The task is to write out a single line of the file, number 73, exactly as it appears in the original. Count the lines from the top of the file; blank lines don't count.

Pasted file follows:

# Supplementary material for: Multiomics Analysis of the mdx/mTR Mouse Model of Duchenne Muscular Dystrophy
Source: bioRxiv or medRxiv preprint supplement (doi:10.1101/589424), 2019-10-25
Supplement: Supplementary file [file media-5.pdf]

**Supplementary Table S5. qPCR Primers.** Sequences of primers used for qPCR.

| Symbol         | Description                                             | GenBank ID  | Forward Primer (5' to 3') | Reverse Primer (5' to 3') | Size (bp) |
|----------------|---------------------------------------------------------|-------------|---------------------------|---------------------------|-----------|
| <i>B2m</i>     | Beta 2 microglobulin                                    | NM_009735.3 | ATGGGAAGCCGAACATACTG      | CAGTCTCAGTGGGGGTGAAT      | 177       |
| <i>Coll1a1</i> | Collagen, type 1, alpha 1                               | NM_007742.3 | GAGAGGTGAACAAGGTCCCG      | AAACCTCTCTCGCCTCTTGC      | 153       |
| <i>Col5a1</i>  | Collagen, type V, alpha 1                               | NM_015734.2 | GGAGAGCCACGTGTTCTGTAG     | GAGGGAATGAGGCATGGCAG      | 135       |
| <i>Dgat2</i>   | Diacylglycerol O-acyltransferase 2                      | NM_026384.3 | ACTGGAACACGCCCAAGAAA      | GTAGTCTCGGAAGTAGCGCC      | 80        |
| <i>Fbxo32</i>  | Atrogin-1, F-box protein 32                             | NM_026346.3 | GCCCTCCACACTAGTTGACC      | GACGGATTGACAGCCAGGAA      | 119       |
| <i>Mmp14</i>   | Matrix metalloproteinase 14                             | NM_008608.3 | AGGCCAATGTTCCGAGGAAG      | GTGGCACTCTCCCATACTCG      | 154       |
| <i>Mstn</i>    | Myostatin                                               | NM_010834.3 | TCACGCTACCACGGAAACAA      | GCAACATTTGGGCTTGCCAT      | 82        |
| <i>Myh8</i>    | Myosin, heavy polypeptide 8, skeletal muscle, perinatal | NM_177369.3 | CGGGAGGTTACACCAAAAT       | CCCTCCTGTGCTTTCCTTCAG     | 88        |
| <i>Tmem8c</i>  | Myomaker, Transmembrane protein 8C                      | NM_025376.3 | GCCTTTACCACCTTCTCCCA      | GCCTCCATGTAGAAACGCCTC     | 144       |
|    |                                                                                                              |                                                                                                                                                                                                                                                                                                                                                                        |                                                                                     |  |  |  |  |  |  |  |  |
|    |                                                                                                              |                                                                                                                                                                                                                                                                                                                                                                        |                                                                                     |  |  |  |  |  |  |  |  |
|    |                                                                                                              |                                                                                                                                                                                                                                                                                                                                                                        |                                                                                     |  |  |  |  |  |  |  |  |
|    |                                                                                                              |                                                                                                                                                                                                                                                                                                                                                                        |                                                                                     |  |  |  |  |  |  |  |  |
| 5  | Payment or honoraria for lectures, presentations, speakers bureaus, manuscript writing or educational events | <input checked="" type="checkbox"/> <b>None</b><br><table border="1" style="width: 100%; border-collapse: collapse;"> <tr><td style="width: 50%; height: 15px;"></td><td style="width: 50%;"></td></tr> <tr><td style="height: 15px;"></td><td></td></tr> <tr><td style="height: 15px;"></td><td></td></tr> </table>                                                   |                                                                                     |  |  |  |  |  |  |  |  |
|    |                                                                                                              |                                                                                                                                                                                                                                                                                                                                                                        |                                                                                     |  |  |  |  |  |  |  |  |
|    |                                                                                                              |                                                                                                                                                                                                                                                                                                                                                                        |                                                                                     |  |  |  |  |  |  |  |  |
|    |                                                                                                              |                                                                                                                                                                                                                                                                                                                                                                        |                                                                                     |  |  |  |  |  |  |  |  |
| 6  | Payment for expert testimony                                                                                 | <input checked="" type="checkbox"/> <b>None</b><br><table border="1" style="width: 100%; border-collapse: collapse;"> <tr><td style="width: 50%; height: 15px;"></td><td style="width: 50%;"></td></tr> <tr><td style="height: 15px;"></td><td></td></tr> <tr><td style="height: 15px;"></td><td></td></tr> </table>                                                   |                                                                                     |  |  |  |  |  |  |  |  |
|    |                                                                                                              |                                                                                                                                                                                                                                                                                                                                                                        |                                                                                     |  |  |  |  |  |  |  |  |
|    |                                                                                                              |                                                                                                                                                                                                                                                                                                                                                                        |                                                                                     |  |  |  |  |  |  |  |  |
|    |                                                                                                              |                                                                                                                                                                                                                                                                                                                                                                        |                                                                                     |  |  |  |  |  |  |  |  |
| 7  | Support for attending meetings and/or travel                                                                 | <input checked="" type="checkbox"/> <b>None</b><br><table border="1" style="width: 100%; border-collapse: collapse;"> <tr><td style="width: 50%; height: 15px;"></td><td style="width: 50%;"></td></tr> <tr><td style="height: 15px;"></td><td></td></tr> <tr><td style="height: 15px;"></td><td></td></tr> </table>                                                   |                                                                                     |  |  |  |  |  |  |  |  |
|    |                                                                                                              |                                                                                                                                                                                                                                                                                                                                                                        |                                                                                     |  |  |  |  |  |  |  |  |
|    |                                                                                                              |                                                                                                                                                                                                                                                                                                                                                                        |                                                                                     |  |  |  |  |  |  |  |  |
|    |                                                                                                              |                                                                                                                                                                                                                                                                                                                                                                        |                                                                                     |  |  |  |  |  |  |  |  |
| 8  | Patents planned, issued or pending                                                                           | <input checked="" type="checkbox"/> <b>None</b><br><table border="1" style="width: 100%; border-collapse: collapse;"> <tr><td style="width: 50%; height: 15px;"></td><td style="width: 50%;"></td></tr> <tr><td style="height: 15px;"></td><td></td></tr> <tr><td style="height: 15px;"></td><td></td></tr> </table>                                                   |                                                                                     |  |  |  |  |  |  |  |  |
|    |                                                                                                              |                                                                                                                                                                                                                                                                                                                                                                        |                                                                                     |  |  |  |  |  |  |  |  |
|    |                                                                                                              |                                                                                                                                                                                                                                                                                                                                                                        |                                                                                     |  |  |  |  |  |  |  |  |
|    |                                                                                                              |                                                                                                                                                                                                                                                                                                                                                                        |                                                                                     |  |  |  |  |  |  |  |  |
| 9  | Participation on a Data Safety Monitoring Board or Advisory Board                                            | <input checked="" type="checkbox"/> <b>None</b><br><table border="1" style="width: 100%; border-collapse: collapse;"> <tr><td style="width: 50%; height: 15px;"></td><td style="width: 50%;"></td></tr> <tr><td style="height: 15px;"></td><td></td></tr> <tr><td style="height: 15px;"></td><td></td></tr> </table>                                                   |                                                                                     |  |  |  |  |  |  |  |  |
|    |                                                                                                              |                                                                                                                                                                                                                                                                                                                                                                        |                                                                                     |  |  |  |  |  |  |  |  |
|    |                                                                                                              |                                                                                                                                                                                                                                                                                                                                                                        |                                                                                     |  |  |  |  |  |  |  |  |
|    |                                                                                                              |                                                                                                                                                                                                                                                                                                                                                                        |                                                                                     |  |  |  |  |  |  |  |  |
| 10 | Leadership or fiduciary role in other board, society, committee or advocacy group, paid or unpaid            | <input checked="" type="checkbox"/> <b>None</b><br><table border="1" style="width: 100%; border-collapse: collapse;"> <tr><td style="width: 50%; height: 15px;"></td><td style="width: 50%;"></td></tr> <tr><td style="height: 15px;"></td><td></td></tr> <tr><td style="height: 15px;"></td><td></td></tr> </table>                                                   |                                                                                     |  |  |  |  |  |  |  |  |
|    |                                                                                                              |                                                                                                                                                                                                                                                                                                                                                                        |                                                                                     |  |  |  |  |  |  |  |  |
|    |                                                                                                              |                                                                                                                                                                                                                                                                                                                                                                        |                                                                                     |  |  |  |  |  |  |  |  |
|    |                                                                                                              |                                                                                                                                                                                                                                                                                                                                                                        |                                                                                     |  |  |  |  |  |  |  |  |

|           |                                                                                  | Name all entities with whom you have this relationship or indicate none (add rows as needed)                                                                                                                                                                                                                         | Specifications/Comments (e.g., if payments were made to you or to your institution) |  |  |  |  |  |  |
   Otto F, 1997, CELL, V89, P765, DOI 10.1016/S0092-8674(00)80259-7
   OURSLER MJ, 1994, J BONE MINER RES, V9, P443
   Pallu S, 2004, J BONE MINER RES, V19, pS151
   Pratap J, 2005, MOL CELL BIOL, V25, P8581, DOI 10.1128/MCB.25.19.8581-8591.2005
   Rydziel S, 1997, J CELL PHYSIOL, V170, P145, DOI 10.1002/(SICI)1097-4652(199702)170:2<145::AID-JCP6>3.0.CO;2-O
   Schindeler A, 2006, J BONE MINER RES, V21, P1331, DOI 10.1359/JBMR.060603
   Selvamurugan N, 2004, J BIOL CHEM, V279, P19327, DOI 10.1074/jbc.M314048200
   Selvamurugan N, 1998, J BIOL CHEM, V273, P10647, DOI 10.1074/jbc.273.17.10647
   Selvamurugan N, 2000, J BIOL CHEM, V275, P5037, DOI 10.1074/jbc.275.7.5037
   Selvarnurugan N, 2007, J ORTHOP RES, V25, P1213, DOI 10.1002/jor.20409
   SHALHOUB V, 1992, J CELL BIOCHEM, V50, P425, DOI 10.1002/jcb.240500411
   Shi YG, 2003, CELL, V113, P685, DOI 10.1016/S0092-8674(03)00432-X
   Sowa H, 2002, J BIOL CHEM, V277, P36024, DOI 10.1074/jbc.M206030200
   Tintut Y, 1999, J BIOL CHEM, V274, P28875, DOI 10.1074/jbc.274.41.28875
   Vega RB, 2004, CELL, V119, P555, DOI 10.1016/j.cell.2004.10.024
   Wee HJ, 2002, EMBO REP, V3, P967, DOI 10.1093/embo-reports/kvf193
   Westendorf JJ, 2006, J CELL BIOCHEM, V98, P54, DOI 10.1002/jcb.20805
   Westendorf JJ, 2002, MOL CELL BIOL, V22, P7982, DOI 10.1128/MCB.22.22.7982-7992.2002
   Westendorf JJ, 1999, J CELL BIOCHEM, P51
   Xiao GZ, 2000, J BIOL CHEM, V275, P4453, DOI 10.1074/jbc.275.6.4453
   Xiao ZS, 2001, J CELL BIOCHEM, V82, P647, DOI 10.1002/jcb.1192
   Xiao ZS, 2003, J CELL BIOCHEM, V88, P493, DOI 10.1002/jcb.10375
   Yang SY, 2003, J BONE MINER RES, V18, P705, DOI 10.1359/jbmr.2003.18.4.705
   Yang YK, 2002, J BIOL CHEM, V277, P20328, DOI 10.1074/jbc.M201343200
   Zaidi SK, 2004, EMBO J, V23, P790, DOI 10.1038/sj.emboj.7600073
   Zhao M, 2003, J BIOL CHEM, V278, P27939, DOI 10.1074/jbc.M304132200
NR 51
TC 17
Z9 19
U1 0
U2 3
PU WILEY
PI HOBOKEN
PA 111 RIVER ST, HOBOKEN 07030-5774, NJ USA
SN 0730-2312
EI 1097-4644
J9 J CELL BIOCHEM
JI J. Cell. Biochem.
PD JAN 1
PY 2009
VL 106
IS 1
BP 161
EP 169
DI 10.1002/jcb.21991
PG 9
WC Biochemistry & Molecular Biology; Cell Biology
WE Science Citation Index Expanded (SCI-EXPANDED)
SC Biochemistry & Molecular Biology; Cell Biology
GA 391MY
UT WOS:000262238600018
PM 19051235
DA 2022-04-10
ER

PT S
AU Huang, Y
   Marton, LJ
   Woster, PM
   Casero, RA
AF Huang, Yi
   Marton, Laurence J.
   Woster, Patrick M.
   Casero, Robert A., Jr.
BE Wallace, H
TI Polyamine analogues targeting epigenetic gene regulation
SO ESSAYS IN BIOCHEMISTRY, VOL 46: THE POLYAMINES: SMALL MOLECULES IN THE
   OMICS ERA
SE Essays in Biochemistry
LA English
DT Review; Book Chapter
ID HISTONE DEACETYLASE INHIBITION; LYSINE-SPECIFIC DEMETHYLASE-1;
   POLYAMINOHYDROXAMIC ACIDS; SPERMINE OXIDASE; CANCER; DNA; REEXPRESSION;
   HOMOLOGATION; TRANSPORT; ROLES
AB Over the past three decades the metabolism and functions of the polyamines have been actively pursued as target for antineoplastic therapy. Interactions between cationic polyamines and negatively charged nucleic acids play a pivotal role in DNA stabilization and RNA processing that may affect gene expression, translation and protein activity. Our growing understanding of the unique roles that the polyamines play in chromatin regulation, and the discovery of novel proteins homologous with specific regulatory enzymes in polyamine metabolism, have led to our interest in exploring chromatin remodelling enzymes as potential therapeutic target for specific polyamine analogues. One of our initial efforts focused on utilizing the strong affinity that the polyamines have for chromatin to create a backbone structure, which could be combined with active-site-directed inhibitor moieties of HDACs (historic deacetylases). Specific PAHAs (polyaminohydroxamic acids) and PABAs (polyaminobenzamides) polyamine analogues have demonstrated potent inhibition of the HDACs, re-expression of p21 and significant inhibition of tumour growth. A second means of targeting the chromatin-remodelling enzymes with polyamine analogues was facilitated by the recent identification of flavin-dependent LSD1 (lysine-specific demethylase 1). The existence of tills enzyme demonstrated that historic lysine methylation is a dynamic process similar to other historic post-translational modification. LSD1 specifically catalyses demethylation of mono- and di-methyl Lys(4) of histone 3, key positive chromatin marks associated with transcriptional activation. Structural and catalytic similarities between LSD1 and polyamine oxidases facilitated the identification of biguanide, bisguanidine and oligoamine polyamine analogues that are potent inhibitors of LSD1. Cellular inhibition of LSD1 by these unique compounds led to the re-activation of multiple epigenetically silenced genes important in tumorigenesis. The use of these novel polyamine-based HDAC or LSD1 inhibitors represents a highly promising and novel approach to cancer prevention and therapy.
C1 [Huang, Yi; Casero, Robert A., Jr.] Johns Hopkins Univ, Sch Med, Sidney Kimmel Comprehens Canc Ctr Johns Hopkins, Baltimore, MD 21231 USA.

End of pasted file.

Z9 19